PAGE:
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Parliament has many roles - Identify and discuss its roles.

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Hina Safdar Parliament has many roles. Identify and discuss its roles. This essay discusses the major roles in Parliament by referring to both the House of Commons and the House of Lords. The roles include Law Making, Scrutiny and Representation. It will then discuss whether the roles are effective or not. Legitimation is a main role of Parliament. Legitimating means that Parliament has the right to make laws. All policy proposals that come from the government must be legitimised by Parliament as a whole; this includes both the Commons and the Lords voting for or against policy. For the proposal to become a law it needs to have the majority of votes. In 2001 the Labour party only received 41% of the vote, where as the Conservative party received 33% percent of the vote, which shows with the Labour government being in power not everyone is represented, in fact on 41% of the people are represented. So it can be argued that the Labour Government today lacks legitimacy, as only 1 in 4 people voted for a Labour Government. Not everyone voted for certain MPs and most of the law passed comes from the government itself and cannot be changed by individual MPs because they are controlled by the Whip system. This shows that the House of Commons does lack legitimacy. However the House of Lords also lack legitimacy because it is an unelected body therefore it is undemocratic, unaccountable and unrepresentative. There is no link between the people and the Lords. The Lords are constrained in power by something known as "democratic deficit". ...read more.


The House of Lords is very good at scrutinising the government because they have plenty of time to look through proposed policy and analyse it, making amendments where they feel necessary. Overall I think that this role is quite effective because select committees can break party lines and act independently, Ministers and civil servants do appear in Parliament and the government is compelled to present all policies to parliament. However a lot of information is hidden away by the government, so it is difficult to scrutinise. Party loyalty can stop proper criticisms and Parliament lacks in research facilities. Representation is another role of Parliament. Representation is about representing the people of Britain in parliament effectively, because they voted for certain people to be there on their behalf. The House of Commons has to represent their constituency. This is not very effective at all because half the House of Commons come from a professional background whereas only 10% of the people come from professional background. This is disproportionate. However most of the House of Commons are middle aged, middle classed white men because selectors are unlikely to choose candidates who do not conform to the stereotypical voter. The job is well educated therefore it needs a well educated person to do it. It requires many skills like good communication. The House of Commons should be fairly represented because it means that policy is approved by the country as a whole. Policy is legitimate. It would improve political participation. The government's power would be decreased and there would be a better redress of grievances for the minority groups. ...read more.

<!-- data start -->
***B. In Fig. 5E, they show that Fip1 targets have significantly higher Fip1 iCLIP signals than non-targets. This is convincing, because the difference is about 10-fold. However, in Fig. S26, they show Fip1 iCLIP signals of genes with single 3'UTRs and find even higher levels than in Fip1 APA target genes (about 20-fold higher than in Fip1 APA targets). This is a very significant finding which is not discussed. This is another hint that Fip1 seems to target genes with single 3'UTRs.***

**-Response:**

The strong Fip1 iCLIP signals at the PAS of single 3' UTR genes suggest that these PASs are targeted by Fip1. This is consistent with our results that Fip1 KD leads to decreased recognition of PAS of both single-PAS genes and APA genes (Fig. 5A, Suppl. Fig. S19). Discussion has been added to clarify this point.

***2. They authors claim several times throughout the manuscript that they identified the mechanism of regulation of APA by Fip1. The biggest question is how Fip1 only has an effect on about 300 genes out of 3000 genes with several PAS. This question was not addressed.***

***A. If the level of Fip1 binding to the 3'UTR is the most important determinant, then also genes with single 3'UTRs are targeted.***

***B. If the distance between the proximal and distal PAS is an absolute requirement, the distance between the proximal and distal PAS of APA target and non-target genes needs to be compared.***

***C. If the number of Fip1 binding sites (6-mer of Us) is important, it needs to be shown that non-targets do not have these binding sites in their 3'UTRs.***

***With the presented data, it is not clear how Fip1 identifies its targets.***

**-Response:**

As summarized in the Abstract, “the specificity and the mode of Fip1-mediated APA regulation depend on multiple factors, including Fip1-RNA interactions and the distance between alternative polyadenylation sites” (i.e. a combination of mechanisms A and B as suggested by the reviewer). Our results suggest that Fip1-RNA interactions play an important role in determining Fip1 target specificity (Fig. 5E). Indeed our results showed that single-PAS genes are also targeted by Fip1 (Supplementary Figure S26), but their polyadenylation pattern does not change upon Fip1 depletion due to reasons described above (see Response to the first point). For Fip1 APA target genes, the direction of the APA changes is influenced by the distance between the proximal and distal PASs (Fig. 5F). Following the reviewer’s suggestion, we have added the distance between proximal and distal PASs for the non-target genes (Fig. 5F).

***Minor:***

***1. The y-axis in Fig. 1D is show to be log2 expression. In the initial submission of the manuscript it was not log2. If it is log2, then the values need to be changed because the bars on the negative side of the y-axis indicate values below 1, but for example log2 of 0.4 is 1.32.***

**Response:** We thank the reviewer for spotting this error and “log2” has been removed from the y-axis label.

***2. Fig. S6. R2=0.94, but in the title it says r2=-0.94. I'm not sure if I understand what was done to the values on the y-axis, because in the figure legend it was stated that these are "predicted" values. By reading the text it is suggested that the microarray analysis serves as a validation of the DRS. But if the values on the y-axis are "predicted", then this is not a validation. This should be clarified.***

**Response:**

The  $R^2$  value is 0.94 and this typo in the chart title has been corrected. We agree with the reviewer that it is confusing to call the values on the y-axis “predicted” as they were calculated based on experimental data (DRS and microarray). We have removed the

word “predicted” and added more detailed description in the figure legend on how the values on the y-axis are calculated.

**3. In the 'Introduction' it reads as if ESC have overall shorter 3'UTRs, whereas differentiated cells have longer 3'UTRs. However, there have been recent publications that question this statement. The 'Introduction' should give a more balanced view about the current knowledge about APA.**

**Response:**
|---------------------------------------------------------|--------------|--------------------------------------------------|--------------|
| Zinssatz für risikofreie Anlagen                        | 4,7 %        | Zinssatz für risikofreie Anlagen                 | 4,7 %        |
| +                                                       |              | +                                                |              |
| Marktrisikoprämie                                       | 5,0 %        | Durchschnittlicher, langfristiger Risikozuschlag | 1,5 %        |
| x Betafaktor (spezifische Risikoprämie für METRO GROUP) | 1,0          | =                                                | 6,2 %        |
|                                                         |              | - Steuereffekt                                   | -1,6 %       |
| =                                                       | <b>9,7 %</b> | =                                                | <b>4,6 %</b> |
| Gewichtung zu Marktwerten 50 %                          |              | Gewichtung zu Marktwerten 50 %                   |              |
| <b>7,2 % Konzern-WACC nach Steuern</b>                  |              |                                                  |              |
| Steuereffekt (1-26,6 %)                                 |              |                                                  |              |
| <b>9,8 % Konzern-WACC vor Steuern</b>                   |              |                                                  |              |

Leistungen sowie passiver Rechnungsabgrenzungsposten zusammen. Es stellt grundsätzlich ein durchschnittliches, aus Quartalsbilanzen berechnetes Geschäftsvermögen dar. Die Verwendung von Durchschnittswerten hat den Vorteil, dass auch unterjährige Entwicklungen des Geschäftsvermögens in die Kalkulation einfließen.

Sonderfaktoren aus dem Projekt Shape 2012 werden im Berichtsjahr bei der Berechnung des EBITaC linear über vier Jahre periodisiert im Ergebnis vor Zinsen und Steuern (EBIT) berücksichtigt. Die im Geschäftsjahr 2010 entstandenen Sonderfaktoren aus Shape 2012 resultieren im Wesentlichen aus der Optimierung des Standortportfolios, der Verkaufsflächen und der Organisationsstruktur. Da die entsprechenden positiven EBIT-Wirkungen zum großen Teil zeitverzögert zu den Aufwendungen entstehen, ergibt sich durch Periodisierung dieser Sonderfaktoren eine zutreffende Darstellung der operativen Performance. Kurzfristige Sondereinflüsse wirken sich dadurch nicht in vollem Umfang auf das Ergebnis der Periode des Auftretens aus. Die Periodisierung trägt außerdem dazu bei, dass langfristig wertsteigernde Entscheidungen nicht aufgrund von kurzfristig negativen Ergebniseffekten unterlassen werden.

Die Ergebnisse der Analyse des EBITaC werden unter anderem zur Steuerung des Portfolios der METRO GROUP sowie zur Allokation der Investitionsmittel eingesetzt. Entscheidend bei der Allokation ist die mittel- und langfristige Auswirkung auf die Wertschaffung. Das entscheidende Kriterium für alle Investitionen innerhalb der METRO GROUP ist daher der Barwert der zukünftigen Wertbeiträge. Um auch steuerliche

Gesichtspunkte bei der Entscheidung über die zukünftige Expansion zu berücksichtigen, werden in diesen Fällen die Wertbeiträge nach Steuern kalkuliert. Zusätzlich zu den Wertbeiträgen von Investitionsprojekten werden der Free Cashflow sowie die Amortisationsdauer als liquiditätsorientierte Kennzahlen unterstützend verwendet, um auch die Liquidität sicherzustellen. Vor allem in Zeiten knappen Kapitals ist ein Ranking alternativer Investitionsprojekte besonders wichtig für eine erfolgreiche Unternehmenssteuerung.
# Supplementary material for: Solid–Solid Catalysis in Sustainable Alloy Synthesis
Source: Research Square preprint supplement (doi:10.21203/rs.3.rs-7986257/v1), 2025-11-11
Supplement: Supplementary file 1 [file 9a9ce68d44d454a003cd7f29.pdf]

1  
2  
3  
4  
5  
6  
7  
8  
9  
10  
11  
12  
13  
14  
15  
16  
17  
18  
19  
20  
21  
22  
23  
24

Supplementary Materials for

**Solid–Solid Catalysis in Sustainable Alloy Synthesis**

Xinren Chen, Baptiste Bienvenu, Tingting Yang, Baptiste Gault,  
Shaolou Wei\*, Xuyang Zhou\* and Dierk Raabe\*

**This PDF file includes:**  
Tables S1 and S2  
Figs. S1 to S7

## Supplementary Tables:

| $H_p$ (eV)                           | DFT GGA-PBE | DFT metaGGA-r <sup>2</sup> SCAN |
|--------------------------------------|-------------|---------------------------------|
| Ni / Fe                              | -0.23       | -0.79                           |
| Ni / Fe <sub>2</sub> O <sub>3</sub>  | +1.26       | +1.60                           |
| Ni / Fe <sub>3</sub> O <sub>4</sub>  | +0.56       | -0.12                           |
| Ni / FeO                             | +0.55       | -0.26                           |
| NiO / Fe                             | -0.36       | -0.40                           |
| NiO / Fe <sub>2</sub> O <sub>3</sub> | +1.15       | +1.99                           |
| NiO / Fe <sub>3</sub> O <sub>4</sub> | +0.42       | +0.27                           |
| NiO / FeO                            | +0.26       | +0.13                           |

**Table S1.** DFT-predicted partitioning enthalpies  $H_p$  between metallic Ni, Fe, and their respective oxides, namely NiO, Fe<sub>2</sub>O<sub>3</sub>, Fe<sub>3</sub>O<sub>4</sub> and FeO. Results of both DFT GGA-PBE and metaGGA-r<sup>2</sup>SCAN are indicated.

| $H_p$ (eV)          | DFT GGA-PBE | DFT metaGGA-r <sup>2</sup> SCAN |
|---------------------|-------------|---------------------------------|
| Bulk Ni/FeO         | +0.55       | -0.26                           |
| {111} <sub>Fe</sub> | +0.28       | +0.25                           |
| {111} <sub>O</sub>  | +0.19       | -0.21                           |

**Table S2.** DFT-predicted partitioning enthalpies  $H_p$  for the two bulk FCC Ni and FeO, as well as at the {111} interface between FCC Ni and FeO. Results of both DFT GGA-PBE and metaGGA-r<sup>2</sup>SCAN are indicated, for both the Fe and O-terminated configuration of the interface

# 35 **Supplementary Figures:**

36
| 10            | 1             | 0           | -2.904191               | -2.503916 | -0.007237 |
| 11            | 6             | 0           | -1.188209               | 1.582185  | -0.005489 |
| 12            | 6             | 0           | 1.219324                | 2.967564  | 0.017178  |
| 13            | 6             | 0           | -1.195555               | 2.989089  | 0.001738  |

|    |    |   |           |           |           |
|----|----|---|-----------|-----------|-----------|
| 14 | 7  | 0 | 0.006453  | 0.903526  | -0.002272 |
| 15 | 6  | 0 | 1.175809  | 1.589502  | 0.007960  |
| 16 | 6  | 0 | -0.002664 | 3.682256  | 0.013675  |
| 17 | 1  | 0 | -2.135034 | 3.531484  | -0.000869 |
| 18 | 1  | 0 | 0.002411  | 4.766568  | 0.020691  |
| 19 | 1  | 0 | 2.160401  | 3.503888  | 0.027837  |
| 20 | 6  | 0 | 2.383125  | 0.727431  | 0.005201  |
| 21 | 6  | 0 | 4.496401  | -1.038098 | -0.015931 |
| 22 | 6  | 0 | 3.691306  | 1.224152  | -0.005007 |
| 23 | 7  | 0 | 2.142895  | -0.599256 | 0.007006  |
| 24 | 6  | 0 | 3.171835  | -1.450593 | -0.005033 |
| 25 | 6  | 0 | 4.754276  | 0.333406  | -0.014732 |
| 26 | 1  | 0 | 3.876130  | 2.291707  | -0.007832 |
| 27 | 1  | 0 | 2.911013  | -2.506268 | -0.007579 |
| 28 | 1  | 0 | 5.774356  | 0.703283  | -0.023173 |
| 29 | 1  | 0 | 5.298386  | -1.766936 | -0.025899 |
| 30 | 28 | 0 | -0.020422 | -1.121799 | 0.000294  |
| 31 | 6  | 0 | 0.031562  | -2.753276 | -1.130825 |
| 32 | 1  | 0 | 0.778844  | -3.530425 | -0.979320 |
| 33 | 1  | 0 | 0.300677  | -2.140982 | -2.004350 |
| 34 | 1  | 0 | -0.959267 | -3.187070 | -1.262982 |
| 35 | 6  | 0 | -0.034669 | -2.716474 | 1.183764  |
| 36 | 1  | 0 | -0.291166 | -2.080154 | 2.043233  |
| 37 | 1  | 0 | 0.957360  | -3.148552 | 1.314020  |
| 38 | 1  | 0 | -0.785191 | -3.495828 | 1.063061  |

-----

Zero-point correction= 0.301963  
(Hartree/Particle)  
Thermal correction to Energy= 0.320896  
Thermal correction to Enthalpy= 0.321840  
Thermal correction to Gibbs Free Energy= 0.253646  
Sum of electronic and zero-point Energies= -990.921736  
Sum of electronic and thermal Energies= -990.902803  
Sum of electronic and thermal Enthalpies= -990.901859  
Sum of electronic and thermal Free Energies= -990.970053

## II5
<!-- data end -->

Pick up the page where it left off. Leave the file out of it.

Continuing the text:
A role which is carried out by only the House of Lords is the Judiciary function. The law Lords accept cases that have been referred to them by the Court of Appeal. This is a reactive court not a proactive one. The Supreme Court looks at about 1,500 cases a year by 5 Law Lords out of a total 12 each time. The Judiciaries can be argued as in being neutral and fair because it looks after the rights of the people and freedoms. It can also be said that it is independent because the decisions made are not based on policy they are based on law. However the law lords are politically appointed by the Prime Minister or the Lord Chancellor. So some appeals could be biased depending on the type of people they are for example, because most judges' senior judges are whit, elite and elderly they will naturally be harsher towards different sections of society. Overall I think that the judicial function of the House of Lords is biased, unfair and ineffective. Overall I think that Parliaments roles are carried out effectively because both Houses of Parliament have the rights to object to law proposals to scrutinize and to represent the people effectively. But it is obvious that the UK is not ran democratically because it is not the party with the majority of votes that rules it, parliament does not scrutinise effectively because of loyalty. It is heavily controlled by the whip system and there is not enough time for everything to be done properly. I think that if the people in the Houses of parliament acted independently and were not controlled by whips, the UK would be more democratic. ...read more.

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